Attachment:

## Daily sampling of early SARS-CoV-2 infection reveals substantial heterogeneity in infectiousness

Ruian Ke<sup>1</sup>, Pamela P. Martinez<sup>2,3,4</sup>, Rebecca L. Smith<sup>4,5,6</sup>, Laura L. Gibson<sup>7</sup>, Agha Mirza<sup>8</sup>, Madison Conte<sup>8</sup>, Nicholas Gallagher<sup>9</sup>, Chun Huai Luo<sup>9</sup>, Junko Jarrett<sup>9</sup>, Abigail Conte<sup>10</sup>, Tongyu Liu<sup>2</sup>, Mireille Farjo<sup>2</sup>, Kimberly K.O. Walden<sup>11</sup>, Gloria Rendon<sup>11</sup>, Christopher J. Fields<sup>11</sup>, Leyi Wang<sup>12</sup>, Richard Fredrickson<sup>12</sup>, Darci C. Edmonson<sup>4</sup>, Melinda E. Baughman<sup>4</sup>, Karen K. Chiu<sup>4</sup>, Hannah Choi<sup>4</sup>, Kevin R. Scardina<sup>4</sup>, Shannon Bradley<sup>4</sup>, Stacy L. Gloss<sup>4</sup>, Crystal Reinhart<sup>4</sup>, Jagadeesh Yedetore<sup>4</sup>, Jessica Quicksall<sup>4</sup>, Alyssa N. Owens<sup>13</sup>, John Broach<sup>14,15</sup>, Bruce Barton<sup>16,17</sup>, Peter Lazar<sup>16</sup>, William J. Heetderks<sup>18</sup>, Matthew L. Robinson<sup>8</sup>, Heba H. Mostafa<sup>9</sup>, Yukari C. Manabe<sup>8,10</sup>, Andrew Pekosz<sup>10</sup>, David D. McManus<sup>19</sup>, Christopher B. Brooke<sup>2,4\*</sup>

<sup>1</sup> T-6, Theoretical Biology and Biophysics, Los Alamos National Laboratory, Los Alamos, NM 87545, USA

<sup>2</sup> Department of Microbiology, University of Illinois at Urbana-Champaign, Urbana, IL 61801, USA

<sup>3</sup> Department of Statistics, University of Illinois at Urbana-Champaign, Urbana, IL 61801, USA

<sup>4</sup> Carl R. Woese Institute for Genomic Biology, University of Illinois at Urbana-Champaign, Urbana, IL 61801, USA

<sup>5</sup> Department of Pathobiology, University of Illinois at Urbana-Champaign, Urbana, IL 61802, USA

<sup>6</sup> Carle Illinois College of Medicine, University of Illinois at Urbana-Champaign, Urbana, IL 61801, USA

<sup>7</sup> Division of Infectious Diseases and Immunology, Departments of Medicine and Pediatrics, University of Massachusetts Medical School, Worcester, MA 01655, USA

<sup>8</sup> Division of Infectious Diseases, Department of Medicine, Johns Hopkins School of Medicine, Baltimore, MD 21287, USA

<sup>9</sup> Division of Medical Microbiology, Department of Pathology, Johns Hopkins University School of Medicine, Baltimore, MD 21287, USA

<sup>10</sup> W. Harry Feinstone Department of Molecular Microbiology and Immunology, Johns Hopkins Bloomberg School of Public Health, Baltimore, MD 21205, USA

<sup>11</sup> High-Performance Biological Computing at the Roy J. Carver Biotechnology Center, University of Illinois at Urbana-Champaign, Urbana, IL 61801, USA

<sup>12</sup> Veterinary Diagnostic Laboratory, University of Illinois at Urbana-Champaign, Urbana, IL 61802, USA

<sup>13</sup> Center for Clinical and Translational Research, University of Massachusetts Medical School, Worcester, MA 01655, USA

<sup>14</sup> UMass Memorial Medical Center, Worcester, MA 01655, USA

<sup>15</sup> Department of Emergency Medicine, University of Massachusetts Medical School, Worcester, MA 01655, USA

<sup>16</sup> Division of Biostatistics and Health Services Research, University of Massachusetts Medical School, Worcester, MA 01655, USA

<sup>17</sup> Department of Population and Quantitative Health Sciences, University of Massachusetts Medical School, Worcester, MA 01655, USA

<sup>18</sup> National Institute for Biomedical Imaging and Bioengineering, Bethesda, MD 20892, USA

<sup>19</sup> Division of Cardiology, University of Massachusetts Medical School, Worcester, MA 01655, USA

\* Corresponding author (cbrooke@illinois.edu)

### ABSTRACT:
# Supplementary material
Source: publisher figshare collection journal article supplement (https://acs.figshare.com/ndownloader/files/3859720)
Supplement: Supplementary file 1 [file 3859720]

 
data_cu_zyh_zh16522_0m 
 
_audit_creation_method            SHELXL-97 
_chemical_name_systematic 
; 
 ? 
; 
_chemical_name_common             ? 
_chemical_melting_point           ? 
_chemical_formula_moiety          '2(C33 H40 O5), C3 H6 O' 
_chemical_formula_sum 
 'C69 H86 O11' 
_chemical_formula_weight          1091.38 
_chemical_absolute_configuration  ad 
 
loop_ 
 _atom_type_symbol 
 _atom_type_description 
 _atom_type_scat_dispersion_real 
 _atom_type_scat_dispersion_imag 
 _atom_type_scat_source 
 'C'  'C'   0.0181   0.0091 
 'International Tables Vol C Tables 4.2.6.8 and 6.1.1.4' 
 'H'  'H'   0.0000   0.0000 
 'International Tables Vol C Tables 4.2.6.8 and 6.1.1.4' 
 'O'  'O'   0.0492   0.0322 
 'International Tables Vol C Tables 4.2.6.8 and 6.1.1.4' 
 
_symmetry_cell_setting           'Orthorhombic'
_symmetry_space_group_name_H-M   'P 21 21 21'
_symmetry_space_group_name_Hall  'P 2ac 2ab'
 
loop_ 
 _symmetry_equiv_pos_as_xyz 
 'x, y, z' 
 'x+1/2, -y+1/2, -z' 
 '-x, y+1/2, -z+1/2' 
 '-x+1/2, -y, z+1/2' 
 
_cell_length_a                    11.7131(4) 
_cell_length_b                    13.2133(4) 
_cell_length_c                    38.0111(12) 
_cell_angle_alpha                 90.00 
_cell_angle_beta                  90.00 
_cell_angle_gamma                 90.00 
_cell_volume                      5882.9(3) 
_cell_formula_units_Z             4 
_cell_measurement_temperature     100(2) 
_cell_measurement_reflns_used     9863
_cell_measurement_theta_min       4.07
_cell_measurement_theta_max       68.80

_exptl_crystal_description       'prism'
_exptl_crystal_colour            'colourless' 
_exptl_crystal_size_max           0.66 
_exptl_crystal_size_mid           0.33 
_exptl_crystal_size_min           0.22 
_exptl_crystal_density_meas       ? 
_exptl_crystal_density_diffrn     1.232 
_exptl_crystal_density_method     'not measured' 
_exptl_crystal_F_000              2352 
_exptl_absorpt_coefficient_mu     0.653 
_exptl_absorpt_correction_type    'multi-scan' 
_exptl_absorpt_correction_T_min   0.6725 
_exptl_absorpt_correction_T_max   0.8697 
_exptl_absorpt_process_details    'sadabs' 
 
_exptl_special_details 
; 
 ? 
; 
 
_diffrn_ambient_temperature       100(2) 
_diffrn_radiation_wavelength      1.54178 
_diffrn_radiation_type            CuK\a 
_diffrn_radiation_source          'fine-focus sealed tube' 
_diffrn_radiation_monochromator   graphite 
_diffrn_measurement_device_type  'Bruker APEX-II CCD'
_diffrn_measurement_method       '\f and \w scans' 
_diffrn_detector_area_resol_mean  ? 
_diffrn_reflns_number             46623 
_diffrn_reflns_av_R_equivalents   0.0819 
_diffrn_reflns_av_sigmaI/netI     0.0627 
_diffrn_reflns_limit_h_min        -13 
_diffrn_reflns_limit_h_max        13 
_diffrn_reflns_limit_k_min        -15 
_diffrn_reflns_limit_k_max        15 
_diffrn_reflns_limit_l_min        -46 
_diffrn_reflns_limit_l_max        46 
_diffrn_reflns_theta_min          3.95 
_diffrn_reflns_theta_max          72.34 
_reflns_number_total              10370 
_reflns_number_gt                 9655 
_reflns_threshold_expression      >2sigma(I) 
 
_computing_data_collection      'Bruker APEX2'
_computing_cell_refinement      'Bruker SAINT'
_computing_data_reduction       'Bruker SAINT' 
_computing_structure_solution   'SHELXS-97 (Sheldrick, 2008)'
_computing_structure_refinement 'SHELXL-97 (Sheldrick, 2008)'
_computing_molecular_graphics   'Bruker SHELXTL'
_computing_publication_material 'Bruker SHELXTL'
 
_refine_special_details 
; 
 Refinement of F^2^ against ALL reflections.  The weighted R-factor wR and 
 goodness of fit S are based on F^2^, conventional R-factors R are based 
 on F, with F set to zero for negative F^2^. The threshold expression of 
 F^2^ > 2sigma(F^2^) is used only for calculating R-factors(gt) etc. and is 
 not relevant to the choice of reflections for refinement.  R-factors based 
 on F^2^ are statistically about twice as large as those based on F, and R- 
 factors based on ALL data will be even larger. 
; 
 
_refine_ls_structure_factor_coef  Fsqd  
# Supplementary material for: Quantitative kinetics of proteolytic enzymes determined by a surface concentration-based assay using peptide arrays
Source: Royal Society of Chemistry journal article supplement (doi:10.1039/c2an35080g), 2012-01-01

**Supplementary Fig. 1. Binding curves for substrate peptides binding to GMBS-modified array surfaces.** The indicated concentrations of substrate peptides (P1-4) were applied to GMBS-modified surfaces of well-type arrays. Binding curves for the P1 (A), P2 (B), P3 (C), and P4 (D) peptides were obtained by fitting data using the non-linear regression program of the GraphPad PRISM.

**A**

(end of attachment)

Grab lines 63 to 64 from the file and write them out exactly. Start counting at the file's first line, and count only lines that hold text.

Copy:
_cell_length_c                    38.0111(12) 
_cell_angle_alpha                 90.00 